Cannabis Dispensary and Lounge to Open in SF Bayview, Despite Residents’ Objections

People standing in line at a public meeting at San Francisco City Hall.

Zhe Wu/San Francisco Public Press

Dozens of Bayview residents objected to the approval of a cannabis facility at a Thursday hearing of the San Francisco Planning Commission.

A cannabis dispensary that features a smoking lounge and indoor grow area is coming to San Francisco’s Bayview neighborhood — despite objections from nearby residents.

“It will be on an alley that we pass through every day to go home,” said Amanda Li, whose family lives in an affordable housing complex across from the site. “It will definitely affect us.”

The dispensary will be on one of Bayview’s less developed streets, near low-income and senior housing. Over a dozen cannabis facilities already operate in the neighborhood, nearly all of which are used only to grow the plant. Many residents, especially Chinese Americans, have opposed the new facility, which will sell cannabis products, out of fear that it will encourage drug use and make the area less safe. Despite their objections, the city’s Planning Commission approved the project Thursday because it did not violate city laws.

[ Read also: “As Attacks on Asian Americans Regain Spotlight, SF Group Seeks to Soothe Community” ]

Construction of the 2,500-square-foot facility at 2330 Lane St. is projected to begin by the end of 2024, though the project has yet to obtain building permits. Doors could open to customers about a year later.

Mubasher Choudhery, a Bayview native and owner of the site and forthcoming dispensary, proposed the project as a participant in the San Francisco Office of Cannabis’ equity program. The program is designed to help groups disproportionately affected by the War on Drugs of the 1980s enter the cannabis industry.

Choudhery said his vision is for people to come to the store not only to buy cannabis products, but also to consume it and see how it is grown.

San Francisco and California have legalized the production and consumption of cannabis, but the federal government has not. Many first-generation Chinese Americans, especially seniors, still see it as similar to harsher drugs like opium, which the British exported to China during the period of its invasion.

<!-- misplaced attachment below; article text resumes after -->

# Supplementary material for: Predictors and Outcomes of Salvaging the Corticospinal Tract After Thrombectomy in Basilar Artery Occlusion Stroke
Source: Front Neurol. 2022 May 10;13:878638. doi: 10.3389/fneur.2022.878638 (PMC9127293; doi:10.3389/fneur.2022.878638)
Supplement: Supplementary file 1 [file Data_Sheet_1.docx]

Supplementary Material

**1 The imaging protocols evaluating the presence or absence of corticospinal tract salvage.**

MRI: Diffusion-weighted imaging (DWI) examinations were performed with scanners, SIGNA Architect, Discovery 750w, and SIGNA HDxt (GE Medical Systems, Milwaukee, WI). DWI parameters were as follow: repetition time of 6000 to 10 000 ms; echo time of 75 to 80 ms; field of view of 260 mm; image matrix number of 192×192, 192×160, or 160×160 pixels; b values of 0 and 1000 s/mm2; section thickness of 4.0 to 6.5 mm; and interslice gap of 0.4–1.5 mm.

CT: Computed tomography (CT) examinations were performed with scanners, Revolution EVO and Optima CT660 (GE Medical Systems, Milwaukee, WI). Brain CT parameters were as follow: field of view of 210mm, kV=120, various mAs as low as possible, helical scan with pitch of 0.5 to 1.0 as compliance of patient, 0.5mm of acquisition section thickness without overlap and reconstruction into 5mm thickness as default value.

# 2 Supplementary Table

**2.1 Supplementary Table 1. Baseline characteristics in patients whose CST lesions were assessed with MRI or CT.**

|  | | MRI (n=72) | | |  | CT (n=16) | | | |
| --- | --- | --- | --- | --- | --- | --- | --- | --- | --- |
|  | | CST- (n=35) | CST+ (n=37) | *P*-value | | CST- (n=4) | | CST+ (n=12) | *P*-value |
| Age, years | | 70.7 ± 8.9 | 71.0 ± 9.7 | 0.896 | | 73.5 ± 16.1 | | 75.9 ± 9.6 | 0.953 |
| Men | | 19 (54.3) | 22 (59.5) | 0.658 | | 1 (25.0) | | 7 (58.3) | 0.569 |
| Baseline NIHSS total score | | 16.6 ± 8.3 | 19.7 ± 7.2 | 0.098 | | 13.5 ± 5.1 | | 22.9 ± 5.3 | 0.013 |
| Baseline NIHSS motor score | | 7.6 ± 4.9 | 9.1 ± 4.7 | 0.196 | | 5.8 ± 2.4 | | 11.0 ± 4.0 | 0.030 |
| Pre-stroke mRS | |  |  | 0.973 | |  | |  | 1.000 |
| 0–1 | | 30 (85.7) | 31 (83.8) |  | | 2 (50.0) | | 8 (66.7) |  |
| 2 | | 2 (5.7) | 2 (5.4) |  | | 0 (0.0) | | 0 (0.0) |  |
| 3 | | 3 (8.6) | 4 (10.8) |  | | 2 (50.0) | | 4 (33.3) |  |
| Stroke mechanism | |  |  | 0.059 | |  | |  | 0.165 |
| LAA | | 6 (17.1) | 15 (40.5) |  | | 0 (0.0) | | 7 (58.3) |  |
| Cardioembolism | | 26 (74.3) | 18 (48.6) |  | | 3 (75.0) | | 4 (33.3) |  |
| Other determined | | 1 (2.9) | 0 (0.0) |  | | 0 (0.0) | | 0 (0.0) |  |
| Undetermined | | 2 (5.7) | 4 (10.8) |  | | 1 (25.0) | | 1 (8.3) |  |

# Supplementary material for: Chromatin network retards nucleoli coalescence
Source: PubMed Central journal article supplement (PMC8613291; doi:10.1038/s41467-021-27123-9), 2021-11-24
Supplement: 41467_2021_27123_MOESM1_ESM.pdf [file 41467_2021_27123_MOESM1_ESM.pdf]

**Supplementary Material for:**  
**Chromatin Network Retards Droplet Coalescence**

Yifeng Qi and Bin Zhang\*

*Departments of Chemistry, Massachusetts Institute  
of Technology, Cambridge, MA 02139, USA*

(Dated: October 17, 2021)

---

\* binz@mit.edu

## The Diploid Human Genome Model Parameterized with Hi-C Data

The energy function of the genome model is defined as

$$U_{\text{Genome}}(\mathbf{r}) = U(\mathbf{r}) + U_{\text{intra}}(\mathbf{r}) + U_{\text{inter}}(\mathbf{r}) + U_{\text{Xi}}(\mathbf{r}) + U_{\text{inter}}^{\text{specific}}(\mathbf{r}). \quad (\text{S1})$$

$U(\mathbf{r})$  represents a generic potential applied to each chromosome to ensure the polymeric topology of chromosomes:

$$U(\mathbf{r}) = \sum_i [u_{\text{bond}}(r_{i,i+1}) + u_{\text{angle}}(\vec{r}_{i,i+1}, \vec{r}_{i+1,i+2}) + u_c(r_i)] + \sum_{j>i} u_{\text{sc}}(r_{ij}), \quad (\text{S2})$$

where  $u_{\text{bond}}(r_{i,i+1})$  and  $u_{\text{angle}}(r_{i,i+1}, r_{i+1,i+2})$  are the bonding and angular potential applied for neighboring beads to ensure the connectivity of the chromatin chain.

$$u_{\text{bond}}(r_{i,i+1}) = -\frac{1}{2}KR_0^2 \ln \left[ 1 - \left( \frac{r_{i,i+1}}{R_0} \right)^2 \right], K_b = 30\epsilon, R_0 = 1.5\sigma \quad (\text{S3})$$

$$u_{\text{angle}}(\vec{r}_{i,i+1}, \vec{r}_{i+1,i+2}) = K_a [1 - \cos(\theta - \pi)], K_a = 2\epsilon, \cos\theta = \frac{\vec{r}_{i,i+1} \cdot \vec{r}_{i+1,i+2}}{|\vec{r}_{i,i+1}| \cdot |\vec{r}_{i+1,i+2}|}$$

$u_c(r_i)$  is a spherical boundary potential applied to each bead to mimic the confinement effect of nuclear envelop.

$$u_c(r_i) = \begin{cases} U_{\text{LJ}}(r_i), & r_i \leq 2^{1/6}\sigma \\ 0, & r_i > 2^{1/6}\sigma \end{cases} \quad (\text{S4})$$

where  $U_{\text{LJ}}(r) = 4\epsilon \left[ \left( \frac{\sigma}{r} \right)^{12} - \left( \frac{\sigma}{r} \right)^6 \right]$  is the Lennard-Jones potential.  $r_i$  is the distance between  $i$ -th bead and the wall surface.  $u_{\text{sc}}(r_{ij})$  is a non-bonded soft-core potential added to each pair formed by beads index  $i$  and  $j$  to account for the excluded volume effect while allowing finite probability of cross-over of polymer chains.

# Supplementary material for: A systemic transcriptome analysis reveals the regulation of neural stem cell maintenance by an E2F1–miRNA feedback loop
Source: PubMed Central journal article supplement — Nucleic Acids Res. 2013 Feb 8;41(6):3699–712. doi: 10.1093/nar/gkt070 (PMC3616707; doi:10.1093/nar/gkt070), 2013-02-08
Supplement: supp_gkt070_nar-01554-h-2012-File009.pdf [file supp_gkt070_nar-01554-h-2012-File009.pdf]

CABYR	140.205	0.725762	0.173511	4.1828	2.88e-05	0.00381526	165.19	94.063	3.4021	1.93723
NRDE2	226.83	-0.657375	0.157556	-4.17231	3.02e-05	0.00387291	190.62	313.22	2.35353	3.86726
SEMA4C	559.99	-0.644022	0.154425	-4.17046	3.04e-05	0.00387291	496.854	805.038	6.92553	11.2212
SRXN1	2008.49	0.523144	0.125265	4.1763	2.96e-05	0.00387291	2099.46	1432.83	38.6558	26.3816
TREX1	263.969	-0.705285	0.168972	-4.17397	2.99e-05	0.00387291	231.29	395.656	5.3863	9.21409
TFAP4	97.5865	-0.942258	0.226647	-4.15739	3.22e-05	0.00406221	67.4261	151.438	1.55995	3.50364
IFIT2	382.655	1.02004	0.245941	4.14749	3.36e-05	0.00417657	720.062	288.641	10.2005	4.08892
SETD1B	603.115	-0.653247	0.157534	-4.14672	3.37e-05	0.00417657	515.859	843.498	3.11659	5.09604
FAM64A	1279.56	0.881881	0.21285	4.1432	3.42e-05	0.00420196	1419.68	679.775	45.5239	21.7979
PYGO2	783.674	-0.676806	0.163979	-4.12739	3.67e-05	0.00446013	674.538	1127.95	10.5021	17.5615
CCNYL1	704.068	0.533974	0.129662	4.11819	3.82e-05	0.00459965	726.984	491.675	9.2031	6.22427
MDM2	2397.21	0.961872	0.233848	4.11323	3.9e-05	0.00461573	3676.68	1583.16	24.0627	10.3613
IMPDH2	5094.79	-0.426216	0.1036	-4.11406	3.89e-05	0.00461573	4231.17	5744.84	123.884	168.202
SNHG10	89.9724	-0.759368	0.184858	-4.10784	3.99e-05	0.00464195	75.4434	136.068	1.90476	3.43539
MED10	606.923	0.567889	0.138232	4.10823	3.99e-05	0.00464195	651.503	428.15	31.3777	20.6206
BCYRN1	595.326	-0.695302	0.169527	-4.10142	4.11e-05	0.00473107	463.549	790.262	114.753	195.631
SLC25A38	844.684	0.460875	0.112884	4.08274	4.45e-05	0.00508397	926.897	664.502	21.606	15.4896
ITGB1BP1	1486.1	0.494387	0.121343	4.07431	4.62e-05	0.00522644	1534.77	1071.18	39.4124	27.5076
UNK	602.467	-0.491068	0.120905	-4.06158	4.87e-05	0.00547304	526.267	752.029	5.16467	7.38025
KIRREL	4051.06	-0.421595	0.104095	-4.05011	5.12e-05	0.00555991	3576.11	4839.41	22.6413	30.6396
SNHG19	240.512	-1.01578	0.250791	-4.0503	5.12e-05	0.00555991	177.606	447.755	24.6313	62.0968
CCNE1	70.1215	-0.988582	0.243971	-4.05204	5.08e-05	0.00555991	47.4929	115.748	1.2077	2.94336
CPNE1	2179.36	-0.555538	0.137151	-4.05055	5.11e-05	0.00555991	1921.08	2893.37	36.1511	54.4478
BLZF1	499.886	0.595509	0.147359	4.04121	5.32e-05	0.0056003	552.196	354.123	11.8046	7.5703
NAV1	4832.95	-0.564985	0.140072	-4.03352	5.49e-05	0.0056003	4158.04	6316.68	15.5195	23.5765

“The stigma behind cannabis is what we’re fighting against,” said Choudhery, a third-generation immigrant of Southeast Asian descent.

More than 30 people attended the Thursday hearing that was triggered by an official request by Josephine Zhao, a community leader who previously ran for the city’s public school board, on behalf of residents who spoke limited English.

One-by-one, people took the microphone to express their concerns. They said they were troubled that teenagers were already smoking in the neighborhood’s streets and parking lots, and feared that the dispensary would entice more to try cannabis and become addicted to it. They said that people high on the drug could not control their behavior, which worried them in light of recent high-profile instances of anti-Asian violence.

“Many people here have a lot of concerns,” Zhao told the commission. “You may say that they are uneducated about marijuana, but that’s their life experience.”

The residents objected to yet another cannabis facility in an area that already had so many. As they had organized to oppose Choudhery’s project, they said, they found out about two other proposed facilities near their homes, both of which would only be for growing cannabis.

The Bayview is one of few areas in San Francisco where much of the land can host light industrial and manufacturing facilities, including those in the cannabis industry. The facilities are cheek-to-jowl with diverse, low-income communities.

“We expect this is going to be an issue moving forward,” said Dyanna Volek, who came to the hearing as a neighbor and member of the Bayview Hunters Point Citizen Advisory Committee, a volunteer group that advises city government on land-use and other neighborhood issues.

After they approved Choudhery’s project, the Planning Commission suggested that he remain in contact with the neighborhood advisory committee to field concerns they might have in the future.

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